[a few days later] I had written the above about a week ago. I was in the bathroom with Flora, brushing our teeth, and “reading it” over in my head, wondering if it was accurate, if “this is where we’re at” was really were we are at, and whether the way I had presented the situation would be helpful to anyone. In comes my Cinder. I smile down at him, full of love and reflection… and he kicks Flora’s legs from under her. In the second during which I bent to scoop her, he winds up and kicks me in the shin. And, not mindful of any of the above, I holler, “Jesus Christ Cinder, why did you do that?” He bursts into tears. I take a deep breath, go down on the floor. “Why did you kick Flora? Why did you kick me?” I say as I think that it useless, useless to ask that question. “Well,” he sobs, “I just wanted to kick something. And there you were.”

I offer a list of things that it’s okay to kick—balls, rocks, snow… “Walls?” he asks. I don’t know. Do I want him kicking walls? “Balls are best,” I say. “Air, you can just make kicks in the air…”

About three days of periodically kicking Flora, the dog… and when available, balls (I try to have a few in every room) follow.

Based on recent events I suspect the next thing is going to be spitting…

***

To be continued as he grows and as I learn, I suppose. I often think of this aspect of parenting Cinder as the universe’s way of teaching me humility. And perseverance. And patience. And all those other virtues with which nature has not endowed me…

Playground-Warrior
2012. What you want to know: “Cinder’s almost 10. He doesn’t hit anymore, does he?” Well. Yes and no. This essential hasn’t changed: Cinder is physicality incarnate. The toddler who needed four hours of exercise a day became a six-year-old who needed as much, and a 10-year-old who probably needs even more. When Cinder gets angry—with you, with himself, with the world—his body feels it and expresses it. Most of the time, he will take himself away and run, run, run—or wallop the punching bag. Or the couch, or the tree, or the rock. That is his release. Occasionally, he will lash out at his siblings—the elder, more verbally provocative Flora much more so than little, but going through his own “hitting thing” phase Ender. But any time that happens, it’s an aberration—it’s not the way things are. It’s emphatically not the norm.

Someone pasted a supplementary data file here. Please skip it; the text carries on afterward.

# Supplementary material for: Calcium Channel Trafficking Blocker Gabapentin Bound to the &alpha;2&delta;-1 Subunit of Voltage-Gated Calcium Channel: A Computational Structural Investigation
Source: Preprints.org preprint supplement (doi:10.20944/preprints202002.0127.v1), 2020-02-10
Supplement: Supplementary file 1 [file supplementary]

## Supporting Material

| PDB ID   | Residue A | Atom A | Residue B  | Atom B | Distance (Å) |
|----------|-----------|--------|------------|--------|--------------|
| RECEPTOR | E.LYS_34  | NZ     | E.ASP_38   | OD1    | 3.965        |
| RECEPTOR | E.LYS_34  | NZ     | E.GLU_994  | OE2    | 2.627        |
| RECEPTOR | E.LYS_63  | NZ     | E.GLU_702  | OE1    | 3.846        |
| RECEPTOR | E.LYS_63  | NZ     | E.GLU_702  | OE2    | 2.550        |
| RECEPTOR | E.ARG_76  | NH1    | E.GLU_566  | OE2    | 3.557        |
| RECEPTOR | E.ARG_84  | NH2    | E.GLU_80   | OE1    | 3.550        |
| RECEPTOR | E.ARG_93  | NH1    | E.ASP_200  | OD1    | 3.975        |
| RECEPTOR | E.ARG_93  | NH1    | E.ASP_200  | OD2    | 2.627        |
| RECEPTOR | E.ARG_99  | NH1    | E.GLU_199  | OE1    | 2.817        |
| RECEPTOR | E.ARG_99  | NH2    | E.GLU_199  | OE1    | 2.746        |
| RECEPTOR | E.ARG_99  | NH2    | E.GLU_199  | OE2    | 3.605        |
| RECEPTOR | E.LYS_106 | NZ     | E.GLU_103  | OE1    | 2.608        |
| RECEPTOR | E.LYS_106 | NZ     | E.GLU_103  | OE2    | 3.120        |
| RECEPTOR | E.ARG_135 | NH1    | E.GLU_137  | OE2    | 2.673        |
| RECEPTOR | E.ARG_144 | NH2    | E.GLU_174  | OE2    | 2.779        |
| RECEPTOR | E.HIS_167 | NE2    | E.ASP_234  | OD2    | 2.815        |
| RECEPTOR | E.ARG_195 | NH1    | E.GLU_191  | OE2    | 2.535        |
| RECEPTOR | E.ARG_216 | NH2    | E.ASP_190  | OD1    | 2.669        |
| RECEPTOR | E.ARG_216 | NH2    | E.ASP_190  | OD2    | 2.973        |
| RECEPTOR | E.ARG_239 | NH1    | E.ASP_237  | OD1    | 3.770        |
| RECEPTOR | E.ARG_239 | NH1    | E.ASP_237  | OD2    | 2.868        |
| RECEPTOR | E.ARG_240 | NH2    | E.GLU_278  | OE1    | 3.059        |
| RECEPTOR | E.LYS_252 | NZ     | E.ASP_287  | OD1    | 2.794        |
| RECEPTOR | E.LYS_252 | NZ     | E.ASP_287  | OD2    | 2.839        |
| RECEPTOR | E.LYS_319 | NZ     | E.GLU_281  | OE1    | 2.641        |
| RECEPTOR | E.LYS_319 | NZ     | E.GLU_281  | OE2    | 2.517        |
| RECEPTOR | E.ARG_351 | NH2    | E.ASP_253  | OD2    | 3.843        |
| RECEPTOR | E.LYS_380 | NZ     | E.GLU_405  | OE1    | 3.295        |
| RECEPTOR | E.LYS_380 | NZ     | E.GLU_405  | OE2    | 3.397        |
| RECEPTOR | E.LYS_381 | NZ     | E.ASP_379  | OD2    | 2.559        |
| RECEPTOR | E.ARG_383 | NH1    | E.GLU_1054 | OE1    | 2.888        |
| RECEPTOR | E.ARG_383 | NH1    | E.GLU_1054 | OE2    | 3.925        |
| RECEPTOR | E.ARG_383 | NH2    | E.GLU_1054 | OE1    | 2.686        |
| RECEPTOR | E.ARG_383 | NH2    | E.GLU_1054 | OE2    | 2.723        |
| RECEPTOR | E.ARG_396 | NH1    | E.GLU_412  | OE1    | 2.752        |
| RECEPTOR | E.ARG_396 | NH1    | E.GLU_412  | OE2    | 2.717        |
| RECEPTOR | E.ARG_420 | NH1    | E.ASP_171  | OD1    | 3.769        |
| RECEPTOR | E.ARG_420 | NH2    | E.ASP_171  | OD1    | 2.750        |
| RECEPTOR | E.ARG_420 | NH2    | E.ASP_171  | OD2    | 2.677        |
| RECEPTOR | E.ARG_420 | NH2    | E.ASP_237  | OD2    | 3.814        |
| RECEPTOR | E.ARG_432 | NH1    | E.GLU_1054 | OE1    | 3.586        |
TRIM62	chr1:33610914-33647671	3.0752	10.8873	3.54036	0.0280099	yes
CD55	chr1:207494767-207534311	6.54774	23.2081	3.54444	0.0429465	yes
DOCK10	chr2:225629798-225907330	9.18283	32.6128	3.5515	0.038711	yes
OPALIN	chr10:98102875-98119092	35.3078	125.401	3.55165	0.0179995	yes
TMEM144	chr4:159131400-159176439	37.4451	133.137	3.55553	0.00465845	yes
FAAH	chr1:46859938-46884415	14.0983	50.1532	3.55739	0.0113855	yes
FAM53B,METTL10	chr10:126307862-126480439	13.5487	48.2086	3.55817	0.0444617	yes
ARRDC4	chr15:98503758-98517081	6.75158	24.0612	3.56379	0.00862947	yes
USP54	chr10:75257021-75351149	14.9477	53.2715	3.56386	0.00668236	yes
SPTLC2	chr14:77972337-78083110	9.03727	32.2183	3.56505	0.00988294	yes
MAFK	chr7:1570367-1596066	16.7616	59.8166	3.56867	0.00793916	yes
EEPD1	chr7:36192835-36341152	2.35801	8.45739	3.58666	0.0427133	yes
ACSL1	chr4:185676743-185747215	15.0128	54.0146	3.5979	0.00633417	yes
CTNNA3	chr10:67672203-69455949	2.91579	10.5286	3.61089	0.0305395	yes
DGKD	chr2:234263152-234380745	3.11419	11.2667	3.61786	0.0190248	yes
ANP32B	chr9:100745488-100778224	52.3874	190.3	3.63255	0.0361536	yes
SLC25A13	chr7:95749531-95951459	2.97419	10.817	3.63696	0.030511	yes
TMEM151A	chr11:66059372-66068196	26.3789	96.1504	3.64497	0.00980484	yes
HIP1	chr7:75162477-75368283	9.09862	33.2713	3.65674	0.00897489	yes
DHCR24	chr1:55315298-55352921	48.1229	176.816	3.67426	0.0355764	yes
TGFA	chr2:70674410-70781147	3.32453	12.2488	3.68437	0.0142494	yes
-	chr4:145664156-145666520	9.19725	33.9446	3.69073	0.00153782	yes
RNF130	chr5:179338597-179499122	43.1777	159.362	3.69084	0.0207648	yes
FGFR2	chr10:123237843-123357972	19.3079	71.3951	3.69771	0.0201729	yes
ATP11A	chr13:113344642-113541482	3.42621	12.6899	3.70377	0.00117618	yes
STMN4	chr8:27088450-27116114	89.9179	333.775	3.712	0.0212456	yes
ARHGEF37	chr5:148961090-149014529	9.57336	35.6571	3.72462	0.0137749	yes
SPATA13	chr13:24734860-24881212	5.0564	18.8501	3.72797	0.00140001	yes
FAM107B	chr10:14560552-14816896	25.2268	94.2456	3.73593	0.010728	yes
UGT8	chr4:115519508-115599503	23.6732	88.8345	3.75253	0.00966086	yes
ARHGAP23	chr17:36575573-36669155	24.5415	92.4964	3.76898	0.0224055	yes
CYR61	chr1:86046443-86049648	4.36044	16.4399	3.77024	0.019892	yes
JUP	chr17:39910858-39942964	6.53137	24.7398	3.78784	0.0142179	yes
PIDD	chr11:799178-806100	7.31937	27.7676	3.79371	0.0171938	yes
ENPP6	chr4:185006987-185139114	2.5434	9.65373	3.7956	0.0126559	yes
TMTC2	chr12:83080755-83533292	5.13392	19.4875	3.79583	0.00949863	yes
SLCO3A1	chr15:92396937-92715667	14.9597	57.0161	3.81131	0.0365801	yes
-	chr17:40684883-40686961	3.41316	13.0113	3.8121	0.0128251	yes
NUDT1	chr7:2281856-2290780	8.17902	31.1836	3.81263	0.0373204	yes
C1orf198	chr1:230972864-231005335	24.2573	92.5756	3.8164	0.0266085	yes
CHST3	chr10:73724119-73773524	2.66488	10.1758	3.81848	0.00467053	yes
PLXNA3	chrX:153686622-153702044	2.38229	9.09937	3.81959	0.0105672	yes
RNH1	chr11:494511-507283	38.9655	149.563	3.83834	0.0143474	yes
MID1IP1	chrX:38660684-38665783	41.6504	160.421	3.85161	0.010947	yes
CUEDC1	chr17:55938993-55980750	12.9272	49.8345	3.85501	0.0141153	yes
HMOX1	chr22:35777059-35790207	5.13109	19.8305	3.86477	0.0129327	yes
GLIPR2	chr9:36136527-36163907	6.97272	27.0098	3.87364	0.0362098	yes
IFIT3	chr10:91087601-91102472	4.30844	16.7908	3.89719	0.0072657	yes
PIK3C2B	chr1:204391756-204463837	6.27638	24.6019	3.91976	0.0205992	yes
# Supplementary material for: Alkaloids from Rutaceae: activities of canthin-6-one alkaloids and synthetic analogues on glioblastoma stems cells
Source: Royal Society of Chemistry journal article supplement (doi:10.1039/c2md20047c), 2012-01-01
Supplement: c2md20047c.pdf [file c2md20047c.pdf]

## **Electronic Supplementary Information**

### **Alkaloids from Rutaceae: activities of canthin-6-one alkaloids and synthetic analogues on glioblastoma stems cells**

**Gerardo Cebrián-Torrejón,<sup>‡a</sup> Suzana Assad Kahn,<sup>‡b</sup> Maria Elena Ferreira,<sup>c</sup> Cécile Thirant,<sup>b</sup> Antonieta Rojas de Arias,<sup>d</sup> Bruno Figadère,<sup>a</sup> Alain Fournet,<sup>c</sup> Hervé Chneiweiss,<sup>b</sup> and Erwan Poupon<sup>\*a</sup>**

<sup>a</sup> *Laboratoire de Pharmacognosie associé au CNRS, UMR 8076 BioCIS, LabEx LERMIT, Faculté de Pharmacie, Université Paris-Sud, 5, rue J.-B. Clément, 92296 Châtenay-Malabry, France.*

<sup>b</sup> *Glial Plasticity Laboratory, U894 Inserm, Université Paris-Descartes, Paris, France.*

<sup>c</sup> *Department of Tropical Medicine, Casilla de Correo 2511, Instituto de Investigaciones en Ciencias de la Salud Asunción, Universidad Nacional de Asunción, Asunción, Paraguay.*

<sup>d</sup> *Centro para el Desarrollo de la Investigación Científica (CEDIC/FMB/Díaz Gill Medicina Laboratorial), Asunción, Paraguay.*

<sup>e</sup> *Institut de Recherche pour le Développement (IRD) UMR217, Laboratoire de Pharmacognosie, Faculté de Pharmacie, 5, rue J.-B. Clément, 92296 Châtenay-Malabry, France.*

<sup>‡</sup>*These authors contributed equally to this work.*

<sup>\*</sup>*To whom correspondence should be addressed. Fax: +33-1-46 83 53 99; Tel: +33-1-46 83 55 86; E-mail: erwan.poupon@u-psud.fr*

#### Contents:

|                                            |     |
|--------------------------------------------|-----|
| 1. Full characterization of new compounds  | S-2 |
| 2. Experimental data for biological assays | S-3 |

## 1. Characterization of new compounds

Strangers? He punched a boy last summer. I can’t tell you how happy it makes me to say that. And you gasp. But see: one incident. One “he punched a boy last summer” I point to. Another “he pushed a girl the summer before last.” Isolated incidents. Accompanied by provocation—which doesn’t make the hitting/shoving okay, but for the mother of the toddler who just hit “because I want to hit something!” an important distinction. Isolated incidents. Not a pattern.

July 16, 2013. And at 11, how is Cinder? Pretty darn amazing. And Ender? Ah. Ender is 3.5. Fortunately, he has an older brother who sets limits and consequences on that hitting thing much better than an AP mother would ever dare… but that’s another story…

16 thoughts on “That hitting thing…

  1. Emma is just about 4 years old now and I have seen her grow up so much in the last year alone and you are right it is like a switch for so much at this age, even the hitting, which lately seems to be under control here, too. But then you have Lily who still not even 3 years old yet and the fun times with hitting and so much more just keep on coming. Thankfully like you I am aware it is a phase, but yes I still try to teach right from wrong as much as I can.

    • Four is such a massive switch isn’t it? And it’s hard with the younger one — you’ve got this dual mind set of “yes, I know it’s normal and it will pass” but also a “But your older sibling understands!” reaction. Persevere. xoxo

  2. I love this post! I have 3 kids who never really hit. But my 4th is giving me a run for my money. It has taught me a lot about not judging parents. I used to think kids who hit had bad parents – I now realize I was SO wrong!! We are a total love filled home like you sound.

  3. Bless you for this. It’s so refreshing to hear another mother say that things aren’t always roses and sunshine. My struggle is with biting. My daughter refuses to let me put a toothbrush in her mouth, so I have to use a cloth over my finger. And she likes to bite me when I do it. It frustrates me to no end, but those teeth need to be brushed, and she’s not old enough to really understand what “no” means. To her, it’s just a reaction. And she likes reactions. But I know it’s just a phase. And I know I need to stop getting myself into a tizzy over it. Because the more I react, the more she does it. But bloody hell, it hurts!!!

    • I think the biting thing is even harder than the hitting thing, because eventually you learn to duck that toddler wallop, but biting happens much more quickly and at the most unexpected of moments! Persevere. xoxo

  4. I can’t believe how difficult it is to deal with hitting. My son is two, and he’s had a few phases so far — I’m sure there will be more! — when he hit. When you think about the toddler brain, how fast it’s developing and how frustrated they get that their verbal abilities don’t match everything that they’re thinking about, it makes perfect sense that they would become physical. But even if you know that it’s often developmentally “normal” — whatever that means — you know it’s something you don’t want to encourage and something that can be downright embarrassing and upsetting. Thank you so much for this!